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Dynamics and distribution of immunoglobolin E receptors : a dialog between experiment and theory


Please use this identifier to cite or link to this item: http://hdl.handle.net/1928/20881

Dynamics and distribution of immunoglobolin E receptors : a dialog between experiment and theory

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Title: Dynamics and distribution of immunoglobolin E receptors : a dialog between experiment and theory
Author: Spendier, Kathrin
Advisor(s): Thomas, James L
Kenkre, Vasudev N
Committee Member(s): Thomas, James L
Kenkre, Vasudev N
Prasad, Sudhakar
Lidke, Diane S
Department: University of New Mexico. Dept. of Physics & Astronomy
Subject: mast cells
receptor clusters
single-particle tracking
particle coalescence
LC Subject(s): Immunoglobulin E--Receptors.
Mast cells--Immunology.
Cellular signal transduction.
Degree Level: Doctoral
Abstract: This dissertation explores the dynamics and distribution of immunoglobulin E receptors (FceRI) on mast cells by drawing on the techniques of experimental and theoretical physics. The motivation for these investigations is provided by a considerable interest in the transmembrane signaling mechanisms of immunoreceptors, especially when triggered with membrane-bound ligands. Experimental investigations quantify the spatiotemporal dynamics of the redistribution of FceRI due to membrane-bound monovalent ligands, using total internal reflection fluorescence microscopy and single-particle tracking. When mast cells contact such substrates, receptor clusters form at cell-substrate contact points. The initial rate of accumulation of receptors into these contact points or cell protrusions is consistent with diffusion-limited trapping. Over longer timescales (>10 s), individual clusters move with both diffusive and directed motion components and eventually coalesce to form a large central receptor patch surrounded by a receptor cluster depletion zone. Detailed analysis of single-particle trajectories show that receptors maintain their diffusivity when confined within receptor clusters, and increase their diffusivity (above that of monomeric unliganded FceRI) in central patches. To study the kinetics of central patch formation, a new coalescence theory described by a melding process, which is not instantaneous, was developed. In these theoretical investigations, the difficult problem of moving boundaries is encountered. To handle the complexity, which stems from boundary growth due to particle melding, the study is divided into three parts. The first is about stationary trapping problems investigated by the standard defect technique, and the second is about a validity study of an adiabatic approximation for moving boundaries. In the last part of this dissertation, a new coalescence theory is developed, which is based on a completely self-consistent approach. Here, the time dependence of the moving boundary is not prescribed but obtained through feedback. Comparison of experiment and theory shows that observed biological cluster coalescence is delayed at early times and occurs at a faster rate at later times than predicted by a simple theory. The incompatibility at early times is addressed by a generalization of the theory to incorporate a time-dependent melding process by a memory concept, which quantitatively explains the observed delay.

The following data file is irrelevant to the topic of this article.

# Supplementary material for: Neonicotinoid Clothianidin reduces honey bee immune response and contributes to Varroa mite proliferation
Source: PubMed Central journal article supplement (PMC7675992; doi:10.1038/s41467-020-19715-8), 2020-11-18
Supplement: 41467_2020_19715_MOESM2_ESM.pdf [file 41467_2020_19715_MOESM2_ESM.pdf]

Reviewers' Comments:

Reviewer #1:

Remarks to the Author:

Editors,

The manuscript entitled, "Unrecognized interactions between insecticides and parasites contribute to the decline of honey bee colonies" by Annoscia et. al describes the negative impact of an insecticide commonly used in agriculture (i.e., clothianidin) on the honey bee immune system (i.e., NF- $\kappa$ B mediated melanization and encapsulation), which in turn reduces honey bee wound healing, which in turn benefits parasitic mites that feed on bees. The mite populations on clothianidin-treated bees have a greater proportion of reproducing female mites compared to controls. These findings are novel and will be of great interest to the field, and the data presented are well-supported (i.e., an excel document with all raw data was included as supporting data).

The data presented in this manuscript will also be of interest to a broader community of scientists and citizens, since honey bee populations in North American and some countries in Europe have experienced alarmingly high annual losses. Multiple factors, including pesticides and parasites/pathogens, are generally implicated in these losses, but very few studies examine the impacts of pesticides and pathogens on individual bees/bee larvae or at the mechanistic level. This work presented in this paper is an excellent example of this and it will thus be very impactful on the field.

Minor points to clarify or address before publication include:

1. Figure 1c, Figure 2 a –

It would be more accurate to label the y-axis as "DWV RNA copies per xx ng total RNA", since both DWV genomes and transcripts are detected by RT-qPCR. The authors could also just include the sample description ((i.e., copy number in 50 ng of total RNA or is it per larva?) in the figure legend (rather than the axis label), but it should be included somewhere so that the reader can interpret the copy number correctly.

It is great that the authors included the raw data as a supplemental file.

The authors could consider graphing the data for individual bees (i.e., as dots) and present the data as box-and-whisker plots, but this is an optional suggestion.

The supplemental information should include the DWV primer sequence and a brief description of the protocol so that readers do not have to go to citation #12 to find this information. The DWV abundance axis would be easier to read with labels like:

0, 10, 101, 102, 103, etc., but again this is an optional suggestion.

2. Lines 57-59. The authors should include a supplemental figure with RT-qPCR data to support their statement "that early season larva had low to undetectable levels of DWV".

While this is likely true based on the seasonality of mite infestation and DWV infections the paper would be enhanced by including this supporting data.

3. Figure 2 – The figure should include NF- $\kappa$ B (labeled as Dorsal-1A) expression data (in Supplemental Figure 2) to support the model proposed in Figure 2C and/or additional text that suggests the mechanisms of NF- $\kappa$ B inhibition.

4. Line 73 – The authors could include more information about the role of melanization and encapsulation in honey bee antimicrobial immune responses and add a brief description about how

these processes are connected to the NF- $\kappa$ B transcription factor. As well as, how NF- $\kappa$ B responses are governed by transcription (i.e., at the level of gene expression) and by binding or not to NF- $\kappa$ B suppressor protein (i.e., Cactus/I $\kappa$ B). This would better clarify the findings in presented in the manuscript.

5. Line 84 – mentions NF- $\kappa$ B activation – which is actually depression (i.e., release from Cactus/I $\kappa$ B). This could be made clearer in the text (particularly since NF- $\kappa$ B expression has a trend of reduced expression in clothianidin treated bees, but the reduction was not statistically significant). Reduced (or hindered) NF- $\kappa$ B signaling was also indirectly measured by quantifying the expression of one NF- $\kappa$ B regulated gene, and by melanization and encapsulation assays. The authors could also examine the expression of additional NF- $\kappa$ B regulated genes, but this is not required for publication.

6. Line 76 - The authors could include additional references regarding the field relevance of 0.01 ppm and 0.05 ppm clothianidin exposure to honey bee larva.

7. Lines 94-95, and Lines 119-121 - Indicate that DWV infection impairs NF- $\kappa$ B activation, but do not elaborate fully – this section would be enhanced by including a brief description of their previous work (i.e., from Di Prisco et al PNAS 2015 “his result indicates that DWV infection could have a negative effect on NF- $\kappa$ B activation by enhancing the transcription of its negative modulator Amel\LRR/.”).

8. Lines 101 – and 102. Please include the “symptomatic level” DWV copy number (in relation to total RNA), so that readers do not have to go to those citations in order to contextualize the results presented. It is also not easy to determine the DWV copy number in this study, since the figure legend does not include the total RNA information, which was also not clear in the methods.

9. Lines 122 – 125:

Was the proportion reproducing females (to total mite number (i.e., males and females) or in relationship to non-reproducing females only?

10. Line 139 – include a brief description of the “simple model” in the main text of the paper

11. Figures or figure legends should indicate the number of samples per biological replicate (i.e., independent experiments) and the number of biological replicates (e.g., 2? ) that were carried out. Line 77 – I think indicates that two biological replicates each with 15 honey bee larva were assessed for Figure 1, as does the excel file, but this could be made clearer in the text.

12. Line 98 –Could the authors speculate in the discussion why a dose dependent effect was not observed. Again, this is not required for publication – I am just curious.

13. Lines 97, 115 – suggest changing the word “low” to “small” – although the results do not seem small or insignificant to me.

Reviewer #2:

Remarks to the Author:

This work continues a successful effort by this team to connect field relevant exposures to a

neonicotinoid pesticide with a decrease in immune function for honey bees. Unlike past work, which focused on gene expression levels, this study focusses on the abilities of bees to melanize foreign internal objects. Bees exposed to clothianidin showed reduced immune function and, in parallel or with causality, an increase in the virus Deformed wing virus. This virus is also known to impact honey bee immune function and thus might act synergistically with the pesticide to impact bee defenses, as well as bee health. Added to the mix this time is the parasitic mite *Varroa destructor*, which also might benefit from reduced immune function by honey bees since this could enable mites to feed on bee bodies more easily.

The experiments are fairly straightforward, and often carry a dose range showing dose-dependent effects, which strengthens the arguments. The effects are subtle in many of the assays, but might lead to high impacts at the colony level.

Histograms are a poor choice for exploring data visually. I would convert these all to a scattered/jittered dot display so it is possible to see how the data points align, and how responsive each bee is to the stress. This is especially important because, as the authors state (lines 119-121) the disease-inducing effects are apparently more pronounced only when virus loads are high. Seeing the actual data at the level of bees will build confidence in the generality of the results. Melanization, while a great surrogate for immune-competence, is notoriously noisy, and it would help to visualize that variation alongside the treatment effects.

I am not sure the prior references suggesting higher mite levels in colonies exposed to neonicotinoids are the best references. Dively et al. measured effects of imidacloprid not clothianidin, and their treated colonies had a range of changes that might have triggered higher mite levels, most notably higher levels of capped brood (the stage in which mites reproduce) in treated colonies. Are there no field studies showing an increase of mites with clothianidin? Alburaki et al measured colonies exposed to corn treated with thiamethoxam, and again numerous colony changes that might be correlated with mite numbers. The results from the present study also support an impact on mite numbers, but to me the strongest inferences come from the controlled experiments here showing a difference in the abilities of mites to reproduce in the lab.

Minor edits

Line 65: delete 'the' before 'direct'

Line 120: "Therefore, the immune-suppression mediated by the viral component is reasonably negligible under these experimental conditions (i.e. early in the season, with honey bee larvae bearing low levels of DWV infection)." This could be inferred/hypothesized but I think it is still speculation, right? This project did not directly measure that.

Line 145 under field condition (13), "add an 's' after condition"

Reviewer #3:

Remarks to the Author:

Graduation Date: May 2012
URI: http://hdl.handle.net/1928/20881

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